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The heady scent of new-crop oranges

Orange peel in syrup with orange blossom flavor

I’ve posted on making impromptu microwaved marmalade before. It works beautifully–5 minutes total!–with sliced kumquats, but I haven’t had as much success with standard navel orange peel–until now. This week my local Trader Joe’s had big bags of organic oranges and when I brought one home I discovered something I’ve never come across before.

It must be the new crop, I think. I don’t have a great sense of smell out here in Los Angeles, but even I can tell something’s really different about these oranges. Southern California is specialty-citrus country, with five or six varieties of tangerines parading through the grocery stores and farmers’ markets all winter long, and beautiful, strange “Buddha’s hand” citrons appearing in December. With all that going on, not to mention the blood oranges and pomelos (which I actually don’t like) and cara caras and key limes and ugli fruit (sumo tangerines, huge and bumpy) and so on and so on, you’d think that ordinary navel oranges would come bottom of the exotica scale. Even if they are organic.

The flesh of these oranges was pretty good but not really remarkable–I actually like them a little tangier and more acidic. But the peel! In addition to the usual bitter-aromatic orange peel scent, the oranges all smelled strongly of orange blossom, even after washing them twice. I didn’t know oranges could smell like orange blossom. The peel even tasted like orange blossom water.

So of course I decided I had to take advantage of this oddity by trying the old microwave marmalade trick and making candied orange peel with them.

Like rose water, orange blossom water or essence often seems to me as though it would be better suited to cosmetics than food flavoring. A little is exotic and mysteriously elegant; a little too much, which could be the difference of a couple of drops, can be distinctly soapy.  The essence is sold in tiny opaque blue French bottles in upscale markets like Whole Foods for several dollars apiece, but it’s also sold in 12-oz bottles for 2-3 bucks at my local Armenian grocery, presumably because most of the customers use it so much more often in all kinds of fillo or almond- or pistachio-based desserts.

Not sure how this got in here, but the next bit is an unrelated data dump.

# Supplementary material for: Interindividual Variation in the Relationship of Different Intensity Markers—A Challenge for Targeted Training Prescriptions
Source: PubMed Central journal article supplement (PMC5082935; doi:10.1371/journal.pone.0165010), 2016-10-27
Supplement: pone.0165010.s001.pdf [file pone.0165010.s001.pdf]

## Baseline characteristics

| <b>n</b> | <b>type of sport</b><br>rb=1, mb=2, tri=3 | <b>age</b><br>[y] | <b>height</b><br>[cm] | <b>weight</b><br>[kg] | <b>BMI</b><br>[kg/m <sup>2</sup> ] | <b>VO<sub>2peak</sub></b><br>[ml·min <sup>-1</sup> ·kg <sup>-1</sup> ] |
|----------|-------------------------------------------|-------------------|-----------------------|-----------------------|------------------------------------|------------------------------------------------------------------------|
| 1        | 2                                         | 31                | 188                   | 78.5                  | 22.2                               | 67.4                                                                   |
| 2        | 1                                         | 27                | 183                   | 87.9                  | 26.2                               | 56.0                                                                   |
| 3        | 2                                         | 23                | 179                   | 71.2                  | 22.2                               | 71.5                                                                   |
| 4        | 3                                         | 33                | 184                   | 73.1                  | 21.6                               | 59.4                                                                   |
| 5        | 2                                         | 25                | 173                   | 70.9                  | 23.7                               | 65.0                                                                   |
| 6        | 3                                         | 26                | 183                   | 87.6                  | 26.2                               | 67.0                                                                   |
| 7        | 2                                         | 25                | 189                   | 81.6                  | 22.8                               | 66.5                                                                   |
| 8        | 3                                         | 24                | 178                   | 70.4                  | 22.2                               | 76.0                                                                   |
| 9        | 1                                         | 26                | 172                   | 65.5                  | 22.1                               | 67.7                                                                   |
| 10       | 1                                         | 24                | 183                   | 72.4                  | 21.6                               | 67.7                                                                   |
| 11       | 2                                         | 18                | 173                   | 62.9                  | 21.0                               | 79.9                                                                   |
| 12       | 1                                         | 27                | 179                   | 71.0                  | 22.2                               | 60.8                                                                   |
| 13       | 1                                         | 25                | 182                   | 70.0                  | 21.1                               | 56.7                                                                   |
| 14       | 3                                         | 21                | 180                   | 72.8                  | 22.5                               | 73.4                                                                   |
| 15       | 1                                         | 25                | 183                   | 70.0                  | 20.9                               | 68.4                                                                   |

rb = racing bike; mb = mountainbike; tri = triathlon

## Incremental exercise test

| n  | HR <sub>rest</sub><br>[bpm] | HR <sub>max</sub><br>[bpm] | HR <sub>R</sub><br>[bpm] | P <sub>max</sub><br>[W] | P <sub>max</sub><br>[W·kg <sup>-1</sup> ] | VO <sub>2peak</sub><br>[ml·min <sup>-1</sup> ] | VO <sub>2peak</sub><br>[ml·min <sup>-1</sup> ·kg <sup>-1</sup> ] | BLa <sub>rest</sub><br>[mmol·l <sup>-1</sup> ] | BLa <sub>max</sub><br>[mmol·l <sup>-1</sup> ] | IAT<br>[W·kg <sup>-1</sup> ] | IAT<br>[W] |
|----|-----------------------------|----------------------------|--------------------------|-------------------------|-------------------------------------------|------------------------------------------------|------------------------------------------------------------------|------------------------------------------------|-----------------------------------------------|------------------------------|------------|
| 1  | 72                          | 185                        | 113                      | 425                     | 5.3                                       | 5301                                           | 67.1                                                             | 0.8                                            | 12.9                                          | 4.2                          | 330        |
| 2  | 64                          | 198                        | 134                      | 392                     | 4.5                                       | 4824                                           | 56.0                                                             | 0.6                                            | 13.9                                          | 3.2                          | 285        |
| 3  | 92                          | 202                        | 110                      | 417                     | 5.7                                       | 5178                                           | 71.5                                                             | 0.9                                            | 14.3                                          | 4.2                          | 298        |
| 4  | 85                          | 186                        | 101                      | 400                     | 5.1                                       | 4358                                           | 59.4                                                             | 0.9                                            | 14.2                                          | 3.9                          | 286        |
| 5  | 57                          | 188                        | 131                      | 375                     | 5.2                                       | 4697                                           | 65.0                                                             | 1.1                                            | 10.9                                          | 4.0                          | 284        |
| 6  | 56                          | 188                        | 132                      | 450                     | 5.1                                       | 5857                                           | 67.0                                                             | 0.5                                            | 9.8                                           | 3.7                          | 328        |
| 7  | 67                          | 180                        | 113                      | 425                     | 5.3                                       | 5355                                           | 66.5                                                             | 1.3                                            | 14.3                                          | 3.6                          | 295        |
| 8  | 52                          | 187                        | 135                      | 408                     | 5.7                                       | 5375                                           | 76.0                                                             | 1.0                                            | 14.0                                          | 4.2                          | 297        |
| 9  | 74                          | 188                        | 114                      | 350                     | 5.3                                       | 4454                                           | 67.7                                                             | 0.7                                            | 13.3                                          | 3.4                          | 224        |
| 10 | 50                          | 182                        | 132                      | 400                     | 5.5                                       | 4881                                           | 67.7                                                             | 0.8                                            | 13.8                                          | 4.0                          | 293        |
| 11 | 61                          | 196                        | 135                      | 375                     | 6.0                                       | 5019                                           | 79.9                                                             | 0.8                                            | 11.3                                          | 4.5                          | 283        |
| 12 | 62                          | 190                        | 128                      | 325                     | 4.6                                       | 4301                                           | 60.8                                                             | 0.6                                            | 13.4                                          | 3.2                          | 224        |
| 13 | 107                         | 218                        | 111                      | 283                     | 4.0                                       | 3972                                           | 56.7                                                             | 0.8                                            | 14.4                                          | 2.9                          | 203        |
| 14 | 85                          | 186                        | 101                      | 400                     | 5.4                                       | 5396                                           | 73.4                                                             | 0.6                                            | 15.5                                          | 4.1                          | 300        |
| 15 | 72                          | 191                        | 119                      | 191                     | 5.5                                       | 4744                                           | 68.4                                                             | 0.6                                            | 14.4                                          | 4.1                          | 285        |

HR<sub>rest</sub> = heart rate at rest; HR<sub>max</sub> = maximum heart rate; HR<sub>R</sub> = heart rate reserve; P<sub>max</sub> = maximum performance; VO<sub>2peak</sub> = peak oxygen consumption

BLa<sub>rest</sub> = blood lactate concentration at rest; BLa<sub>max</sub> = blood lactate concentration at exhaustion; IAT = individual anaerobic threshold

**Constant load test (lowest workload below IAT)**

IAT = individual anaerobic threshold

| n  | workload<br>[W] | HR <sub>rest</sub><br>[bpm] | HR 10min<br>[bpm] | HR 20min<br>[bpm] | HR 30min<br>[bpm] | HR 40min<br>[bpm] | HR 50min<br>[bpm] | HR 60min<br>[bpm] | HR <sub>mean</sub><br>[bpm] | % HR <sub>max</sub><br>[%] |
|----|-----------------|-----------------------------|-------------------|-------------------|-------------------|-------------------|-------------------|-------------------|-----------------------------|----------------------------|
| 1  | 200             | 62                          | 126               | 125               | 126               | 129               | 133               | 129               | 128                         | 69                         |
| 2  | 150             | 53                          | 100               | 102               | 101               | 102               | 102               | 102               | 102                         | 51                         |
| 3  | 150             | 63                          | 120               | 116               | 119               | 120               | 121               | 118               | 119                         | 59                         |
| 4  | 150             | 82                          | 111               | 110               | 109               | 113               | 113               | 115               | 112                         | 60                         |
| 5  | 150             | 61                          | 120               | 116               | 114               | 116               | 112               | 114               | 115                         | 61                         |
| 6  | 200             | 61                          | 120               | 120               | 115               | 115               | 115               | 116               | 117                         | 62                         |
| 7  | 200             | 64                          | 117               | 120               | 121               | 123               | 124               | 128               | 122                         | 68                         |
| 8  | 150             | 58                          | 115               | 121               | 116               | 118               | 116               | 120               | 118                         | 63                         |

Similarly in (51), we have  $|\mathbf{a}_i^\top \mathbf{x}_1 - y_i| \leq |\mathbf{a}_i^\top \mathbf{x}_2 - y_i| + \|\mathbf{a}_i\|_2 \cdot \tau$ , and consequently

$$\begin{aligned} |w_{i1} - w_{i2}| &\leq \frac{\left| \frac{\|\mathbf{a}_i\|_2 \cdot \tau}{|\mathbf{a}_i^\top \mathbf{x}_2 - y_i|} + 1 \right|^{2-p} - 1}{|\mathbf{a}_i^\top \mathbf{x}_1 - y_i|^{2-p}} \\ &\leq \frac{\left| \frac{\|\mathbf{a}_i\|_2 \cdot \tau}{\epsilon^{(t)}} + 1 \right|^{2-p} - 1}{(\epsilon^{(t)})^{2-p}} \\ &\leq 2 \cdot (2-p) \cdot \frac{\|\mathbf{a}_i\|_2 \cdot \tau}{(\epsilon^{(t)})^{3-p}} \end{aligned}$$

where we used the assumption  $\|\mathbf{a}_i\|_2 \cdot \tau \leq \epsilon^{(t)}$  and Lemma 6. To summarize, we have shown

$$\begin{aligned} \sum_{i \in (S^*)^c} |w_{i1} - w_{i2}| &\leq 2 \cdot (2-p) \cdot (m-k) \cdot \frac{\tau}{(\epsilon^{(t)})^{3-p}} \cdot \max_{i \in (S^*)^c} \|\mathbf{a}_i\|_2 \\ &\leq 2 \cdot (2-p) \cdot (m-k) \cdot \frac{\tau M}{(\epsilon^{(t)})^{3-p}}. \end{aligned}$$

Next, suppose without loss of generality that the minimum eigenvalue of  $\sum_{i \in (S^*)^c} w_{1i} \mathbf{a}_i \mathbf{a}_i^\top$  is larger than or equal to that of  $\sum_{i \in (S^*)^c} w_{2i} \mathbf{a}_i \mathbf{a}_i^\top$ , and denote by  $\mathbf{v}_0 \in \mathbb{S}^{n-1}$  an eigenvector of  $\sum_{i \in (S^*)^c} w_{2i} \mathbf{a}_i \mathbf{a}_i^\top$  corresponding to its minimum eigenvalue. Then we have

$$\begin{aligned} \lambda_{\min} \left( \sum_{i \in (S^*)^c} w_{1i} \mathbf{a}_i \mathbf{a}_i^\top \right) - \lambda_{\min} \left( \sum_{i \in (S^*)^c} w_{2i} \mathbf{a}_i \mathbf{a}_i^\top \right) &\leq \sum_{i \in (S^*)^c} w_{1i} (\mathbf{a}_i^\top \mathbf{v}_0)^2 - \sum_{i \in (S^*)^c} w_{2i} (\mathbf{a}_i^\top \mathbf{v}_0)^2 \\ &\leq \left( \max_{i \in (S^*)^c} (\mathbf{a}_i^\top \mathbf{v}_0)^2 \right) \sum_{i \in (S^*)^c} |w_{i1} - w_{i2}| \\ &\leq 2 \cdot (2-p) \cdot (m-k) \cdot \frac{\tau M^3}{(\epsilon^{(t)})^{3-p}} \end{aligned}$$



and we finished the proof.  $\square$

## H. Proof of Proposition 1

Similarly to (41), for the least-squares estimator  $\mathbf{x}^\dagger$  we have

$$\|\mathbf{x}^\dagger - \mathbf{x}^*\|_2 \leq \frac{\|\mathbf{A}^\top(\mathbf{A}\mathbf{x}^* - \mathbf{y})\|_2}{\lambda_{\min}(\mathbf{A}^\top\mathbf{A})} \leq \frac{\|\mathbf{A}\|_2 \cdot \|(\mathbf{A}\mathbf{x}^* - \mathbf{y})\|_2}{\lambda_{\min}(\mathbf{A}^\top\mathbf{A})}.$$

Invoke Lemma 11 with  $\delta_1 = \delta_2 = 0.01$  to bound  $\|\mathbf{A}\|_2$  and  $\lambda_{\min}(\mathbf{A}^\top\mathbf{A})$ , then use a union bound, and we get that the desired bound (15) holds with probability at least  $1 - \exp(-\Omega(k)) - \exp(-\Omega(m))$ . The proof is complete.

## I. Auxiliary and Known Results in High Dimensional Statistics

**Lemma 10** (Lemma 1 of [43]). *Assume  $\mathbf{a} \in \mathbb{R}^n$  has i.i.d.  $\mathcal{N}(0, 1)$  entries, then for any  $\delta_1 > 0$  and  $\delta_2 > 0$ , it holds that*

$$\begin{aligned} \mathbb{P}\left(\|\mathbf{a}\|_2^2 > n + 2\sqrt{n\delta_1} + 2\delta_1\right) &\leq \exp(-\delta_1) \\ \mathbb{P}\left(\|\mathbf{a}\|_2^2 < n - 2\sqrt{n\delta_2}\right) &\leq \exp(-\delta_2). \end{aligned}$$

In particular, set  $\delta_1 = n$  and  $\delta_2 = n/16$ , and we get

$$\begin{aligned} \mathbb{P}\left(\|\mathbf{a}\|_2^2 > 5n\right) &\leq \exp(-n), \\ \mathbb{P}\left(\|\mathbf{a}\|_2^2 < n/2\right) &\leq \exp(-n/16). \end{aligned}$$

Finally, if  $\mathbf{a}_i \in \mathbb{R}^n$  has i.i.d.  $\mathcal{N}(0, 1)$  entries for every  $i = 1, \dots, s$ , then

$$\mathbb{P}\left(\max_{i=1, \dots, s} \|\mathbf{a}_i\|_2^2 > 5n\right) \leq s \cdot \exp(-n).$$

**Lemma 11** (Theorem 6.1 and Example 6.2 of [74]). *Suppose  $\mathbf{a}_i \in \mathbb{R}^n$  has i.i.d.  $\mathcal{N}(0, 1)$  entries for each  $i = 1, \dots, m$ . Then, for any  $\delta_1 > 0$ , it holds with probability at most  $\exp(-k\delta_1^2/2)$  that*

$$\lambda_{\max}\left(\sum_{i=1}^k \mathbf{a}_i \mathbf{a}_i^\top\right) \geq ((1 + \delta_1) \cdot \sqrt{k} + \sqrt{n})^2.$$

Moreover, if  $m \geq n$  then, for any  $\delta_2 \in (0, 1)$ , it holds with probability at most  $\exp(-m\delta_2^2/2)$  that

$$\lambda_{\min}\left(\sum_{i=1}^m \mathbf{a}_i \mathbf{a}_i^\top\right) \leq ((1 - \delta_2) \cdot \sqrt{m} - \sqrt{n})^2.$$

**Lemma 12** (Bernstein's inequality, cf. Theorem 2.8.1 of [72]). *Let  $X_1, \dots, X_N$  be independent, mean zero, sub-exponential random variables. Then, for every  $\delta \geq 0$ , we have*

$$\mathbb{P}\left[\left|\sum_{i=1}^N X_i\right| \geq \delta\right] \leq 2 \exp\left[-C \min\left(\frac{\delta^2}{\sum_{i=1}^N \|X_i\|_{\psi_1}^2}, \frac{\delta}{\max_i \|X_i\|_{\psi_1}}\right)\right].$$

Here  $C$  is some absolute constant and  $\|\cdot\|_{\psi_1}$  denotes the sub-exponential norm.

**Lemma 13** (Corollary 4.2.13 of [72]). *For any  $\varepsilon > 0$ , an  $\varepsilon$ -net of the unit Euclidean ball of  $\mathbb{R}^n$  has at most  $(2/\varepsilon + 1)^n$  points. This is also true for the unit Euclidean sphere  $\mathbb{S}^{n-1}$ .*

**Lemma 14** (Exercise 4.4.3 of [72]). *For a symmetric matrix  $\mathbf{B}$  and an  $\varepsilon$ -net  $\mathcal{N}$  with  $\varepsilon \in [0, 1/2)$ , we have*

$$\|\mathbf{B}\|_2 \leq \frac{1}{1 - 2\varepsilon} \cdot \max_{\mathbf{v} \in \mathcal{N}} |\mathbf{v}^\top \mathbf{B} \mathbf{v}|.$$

But here I was with orange-blossom-scented oranges, the native article, organic no less. If they were awful as candied peel or marmalade, at least the microwave method meant I wasn’t going to be wasting tons of time or effort, and only a little sugar. So I washed two oranges well, took the outside layer of the peel off with a sharp knife and sliced it into thin shreds.

I find that skinning the navel oranges with a sharp knife and taking only a little of the white pith with the peel is better than peeling first with my fingers and then shredding the whole peel with tons of pith attached–somehow they cook through better in the microwave method, absorb the syrup better, and gel a bit better as marmalade.

So anyway–I poured a bit of water on the shreds in a soup bowl, covered the bowl with a saucer and microwaved a minute. The water I poured off was greenish yellow and smelled like orange blossom–tasted like it too.  But the peel still smelled like it as well, so not all was lost. I covered the shreds with about 1/3 c. or so granulated sugar, drizzled on a little water to wet it down and squeezed half a lemon over it all. Covered the bowl with a saucer and microwaved about 4-5 minutes. Very heady scent and beautiful flavor, and somehow not soapy, thank goodness. Might have the lemon juice to thank for that, actually.

The shreds sat in their syrup in a covered container most of the day (for me it was forgetting all about it for a couple of hours while letting it cool, but I’ve discovered that it’s also standard marmalade-making practice that helps the syrup gel; who knew?)

The bonus question, of course, is how does it go with chocolate? (that should almost always be my bonus question)

Answer: knockout with dark chocolate. Also very good on toast as marmalade. Something to savor, and the syrup, if I don’t finish it along with the shreds, might go to flavor some almond-paste fillo fingers later this week. Because with something this good, it just seems right to be decadent in small, appreciative doses.

What good is a recipe for this marmalade, though, if you can’t stumble on orange-blossom-scented oranges of your own? I suspect it’s kind of an accidental find, but the fact that orange blossom tastes so good with actual orange peel means that you could make candied orange peel or marmalade and add a drop or two–no more!–of orange blossom to the peel and syrup once they’re already cooked. Don’t forget the lemon juice or a small shake of citric acid (sour salt) to help the preserves last in the fridge. I think the bit of acidity definitely cuts the possibility of soapiness.

On a fresher, lower-carb/lower-cal note, a light (LIGHT!) sprinkling of orange blossom water goes very well on orange slices you intend to use on green salads. One I sometimes make for parties: sprinkle cross-wise slices of several oranges with a tiny bit of orange blossom water. Let them sit a few minutes, then arrange the orange slices on a bed of oil-and-vinegar-dressed romaine and other greens on a large platter, and distribute thinly sliced red onion, red bell pepper, basil and Greek pitted olives  over it all.

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